In the wave of protests following Trump’s inauguration, will an anti-Trump movement really make a difference?
Around 100,000 Londoners protested on 21 January the arrival of President Trump. A week later new demonstrations are planned over his ban against Muslims from seven Middle-Eastern nations entering the States. Over 26,000 people will gather outside Downing Street today in response to Trump’s impending State Visit.
Little looks to be accomplished by protesting, as it has been with large-scale protests in the last 50 years. Trump as President has the legal precedent to deal with foreign affairs as he wishes. And even if he is removed, Mike Pence seems far worse.
Tuition Fees, Stop the War and even the Countryside Alliance – all massive protests in the last decade – saw little success. Now especially, with the rise of the far-right, a liberal enterprise like protesting seems unlikely to have any impact.
Where do we millennials fall in the scheme of things? As many must have witnessed flicking through Twitter or Facebook on 22 January, protesting seems to have become a ‘trend’.
Sharing petitions, pictures, rambling speeches about politics… young people can be seen to make a mockery of what is already a farce. We seem to be too far away from the past to remember, and or not politically engaged at all. It’s not to say that some aren’t invested – there are just too few of us to make an impact.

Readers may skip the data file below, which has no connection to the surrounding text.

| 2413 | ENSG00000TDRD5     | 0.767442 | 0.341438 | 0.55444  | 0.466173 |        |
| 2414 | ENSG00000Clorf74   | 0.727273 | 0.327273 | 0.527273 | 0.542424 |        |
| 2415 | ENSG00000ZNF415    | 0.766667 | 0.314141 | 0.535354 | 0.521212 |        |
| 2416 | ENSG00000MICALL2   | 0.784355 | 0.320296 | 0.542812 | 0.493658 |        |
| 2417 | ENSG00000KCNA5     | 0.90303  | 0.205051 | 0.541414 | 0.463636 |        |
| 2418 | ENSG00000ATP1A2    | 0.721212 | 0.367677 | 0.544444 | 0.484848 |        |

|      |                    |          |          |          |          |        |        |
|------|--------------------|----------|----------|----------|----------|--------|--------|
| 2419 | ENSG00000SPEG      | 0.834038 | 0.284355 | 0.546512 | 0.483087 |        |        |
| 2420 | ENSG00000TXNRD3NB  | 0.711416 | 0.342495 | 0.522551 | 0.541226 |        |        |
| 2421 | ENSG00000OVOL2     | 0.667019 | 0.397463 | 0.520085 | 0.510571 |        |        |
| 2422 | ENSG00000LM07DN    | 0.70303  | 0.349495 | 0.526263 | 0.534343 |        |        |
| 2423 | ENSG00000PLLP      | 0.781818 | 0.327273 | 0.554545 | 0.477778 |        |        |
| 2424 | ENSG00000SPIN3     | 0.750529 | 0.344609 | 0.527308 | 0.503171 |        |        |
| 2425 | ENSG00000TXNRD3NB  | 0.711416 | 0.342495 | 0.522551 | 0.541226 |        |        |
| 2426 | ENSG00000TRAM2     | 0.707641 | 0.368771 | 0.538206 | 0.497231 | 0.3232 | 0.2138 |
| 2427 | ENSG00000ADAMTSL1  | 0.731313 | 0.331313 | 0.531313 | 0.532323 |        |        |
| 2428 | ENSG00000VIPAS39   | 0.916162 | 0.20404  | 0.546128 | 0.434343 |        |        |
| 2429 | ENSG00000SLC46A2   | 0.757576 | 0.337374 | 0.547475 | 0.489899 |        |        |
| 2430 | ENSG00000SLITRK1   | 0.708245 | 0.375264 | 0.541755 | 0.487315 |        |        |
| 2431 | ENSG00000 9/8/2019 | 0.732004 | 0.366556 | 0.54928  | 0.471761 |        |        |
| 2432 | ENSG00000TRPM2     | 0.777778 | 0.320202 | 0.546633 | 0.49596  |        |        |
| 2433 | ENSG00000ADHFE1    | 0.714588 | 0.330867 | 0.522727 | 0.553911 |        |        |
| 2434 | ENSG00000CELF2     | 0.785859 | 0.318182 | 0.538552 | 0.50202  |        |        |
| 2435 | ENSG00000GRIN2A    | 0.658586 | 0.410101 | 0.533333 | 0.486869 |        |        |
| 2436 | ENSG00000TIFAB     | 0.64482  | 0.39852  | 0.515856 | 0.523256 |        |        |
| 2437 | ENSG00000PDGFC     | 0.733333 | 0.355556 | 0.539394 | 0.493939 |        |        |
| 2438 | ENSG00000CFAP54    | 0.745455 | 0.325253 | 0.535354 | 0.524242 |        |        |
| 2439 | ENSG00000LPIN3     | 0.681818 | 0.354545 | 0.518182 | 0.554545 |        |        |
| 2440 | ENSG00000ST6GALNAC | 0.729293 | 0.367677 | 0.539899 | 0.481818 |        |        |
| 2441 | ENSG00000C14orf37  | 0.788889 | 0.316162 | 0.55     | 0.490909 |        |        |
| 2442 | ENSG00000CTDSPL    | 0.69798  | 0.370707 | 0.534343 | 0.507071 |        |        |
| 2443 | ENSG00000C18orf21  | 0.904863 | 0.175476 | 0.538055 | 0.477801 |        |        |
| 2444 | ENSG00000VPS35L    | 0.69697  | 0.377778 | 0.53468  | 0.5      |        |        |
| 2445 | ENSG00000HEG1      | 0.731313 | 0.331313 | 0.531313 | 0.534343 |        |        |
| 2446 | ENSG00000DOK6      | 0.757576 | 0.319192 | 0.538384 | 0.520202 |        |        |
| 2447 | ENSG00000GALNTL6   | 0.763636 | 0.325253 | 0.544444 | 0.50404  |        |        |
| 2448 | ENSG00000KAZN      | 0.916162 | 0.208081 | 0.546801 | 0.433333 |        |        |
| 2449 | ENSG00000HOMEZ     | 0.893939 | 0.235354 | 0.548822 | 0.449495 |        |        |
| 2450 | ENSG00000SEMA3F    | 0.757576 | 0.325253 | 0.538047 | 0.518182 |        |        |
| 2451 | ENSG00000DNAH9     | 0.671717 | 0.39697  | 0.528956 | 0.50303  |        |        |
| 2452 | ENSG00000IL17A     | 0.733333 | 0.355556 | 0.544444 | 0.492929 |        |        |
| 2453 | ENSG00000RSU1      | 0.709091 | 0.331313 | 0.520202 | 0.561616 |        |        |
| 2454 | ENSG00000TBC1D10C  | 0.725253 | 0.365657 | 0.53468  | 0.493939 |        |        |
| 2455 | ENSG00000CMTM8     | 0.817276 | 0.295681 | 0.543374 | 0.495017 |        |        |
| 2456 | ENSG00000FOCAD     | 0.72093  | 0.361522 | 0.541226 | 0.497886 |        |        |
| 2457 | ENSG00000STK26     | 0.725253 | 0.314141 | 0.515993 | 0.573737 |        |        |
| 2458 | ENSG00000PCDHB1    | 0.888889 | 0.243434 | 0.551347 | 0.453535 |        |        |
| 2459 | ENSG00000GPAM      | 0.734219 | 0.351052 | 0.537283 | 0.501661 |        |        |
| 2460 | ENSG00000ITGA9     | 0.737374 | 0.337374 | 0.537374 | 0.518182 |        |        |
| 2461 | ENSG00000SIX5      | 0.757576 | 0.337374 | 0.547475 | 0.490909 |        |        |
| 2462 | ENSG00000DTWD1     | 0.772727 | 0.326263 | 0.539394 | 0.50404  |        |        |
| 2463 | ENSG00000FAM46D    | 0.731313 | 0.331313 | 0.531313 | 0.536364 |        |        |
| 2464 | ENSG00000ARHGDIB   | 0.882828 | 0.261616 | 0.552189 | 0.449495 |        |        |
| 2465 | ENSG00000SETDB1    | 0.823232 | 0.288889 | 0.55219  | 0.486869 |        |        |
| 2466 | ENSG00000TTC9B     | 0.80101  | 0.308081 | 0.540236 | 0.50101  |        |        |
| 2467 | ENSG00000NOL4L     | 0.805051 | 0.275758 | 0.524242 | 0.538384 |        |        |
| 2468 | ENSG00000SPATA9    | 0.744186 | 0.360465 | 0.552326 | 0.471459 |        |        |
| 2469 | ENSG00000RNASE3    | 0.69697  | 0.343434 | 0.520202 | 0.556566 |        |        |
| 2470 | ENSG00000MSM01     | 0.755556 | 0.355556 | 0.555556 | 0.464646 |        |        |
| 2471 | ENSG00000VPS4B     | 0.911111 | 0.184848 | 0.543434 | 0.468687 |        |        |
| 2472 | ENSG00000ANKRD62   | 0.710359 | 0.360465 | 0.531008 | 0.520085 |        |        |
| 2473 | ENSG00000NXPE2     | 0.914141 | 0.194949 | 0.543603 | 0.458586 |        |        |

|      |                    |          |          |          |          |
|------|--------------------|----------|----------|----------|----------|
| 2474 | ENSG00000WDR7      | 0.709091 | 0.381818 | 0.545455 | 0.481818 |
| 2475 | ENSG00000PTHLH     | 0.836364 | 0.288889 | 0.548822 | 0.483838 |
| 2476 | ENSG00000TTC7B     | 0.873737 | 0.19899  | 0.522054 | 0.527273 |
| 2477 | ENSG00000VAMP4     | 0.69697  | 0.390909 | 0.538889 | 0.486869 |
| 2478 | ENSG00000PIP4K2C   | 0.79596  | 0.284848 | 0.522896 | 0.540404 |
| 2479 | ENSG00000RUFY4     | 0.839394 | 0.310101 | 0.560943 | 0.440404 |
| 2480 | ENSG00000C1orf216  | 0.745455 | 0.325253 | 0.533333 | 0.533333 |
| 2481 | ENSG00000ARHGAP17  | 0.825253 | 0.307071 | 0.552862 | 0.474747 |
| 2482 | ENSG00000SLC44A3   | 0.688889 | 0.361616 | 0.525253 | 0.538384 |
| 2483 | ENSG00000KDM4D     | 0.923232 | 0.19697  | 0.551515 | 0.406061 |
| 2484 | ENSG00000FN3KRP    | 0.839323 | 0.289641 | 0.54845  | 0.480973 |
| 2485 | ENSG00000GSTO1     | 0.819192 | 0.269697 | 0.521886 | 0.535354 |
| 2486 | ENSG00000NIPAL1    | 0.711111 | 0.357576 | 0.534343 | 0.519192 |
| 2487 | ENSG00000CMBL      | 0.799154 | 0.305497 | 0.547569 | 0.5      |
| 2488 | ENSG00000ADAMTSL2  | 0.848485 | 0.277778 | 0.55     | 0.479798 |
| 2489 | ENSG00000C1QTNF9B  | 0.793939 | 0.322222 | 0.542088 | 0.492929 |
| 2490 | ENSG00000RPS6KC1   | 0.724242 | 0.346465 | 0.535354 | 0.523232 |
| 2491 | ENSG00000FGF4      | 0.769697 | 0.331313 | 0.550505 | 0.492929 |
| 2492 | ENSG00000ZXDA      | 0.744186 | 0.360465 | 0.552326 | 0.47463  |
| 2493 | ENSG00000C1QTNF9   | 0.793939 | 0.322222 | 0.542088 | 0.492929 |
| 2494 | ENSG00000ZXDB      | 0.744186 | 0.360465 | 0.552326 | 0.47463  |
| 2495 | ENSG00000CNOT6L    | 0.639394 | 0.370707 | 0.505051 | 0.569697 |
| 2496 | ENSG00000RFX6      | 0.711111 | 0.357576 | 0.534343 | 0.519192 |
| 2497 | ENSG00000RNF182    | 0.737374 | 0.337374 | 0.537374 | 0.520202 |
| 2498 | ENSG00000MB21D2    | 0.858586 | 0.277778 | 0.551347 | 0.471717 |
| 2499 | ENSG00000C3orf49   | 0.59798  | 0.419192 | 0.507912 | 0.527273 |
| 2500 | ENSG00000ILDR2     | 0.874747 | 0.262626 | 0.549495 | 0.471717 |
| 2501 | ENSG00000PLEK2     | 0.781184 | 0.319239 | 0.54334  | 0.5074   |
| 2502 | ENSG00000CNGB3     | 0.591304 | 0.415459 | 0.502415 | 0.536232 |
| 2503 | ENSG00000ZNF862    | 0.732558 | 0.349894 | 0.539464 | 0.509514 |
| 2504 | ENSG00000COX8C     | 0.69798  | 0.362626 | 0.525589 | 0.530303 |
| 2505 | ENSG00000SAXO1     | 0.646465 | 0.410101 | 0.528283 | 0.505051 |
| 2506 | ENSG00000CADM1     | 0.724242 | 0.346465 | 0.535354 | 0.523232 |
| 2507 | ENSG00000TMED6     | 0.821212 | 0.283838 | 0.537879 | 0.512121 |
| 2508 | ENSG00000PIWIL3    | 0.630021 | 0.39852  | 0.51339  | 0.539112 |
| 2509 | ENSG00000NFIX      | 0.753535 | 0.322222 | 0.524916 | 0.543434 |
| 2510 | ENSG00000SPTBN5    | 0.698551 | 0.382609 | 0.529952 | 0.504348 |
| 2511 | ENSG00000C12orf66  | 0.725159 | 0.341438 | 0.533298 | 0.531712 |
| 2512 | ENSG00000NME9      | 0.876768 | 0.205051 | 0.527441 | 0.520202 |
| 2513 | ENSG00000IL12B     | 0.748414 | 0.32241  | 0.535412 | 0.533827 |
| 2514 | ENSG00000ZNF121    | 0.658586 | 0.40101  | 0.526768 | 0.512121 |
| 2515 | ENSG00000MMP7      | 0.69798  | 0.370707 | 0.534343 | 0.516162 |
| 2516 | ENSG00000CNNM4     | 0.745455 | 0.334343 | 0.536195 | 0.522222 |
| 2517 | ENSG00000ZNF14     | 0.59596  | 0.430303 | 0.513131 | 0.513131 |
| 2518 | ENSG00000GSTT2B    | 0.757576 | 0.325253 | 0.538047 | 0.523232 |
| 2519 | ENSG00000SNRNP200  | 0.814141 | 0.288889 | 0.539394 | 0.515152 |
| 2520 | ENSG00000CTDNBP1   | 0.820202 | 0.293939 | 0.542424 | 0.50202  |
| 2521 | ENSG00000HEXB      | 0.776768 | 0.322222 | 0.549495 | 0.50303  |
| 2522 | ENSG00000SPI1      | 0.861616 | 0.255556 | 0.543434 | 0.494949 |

So, what is the point?
In a sense, it’s tradition. Parents take their children, who then take their own. Stories, such as life during the Miner Strikes, are passed on from generation to generation. By participating in our masses we are reliving a central historical part of democracy. It is a way to remind those in power that some still care.
If young people are going to protest Trump in the next few months, it should not be for likes on a post, but for their own future. Protests shouldn’t be belittled or undermined by social media, they should be empowered. That’s the legacy millennials should help create.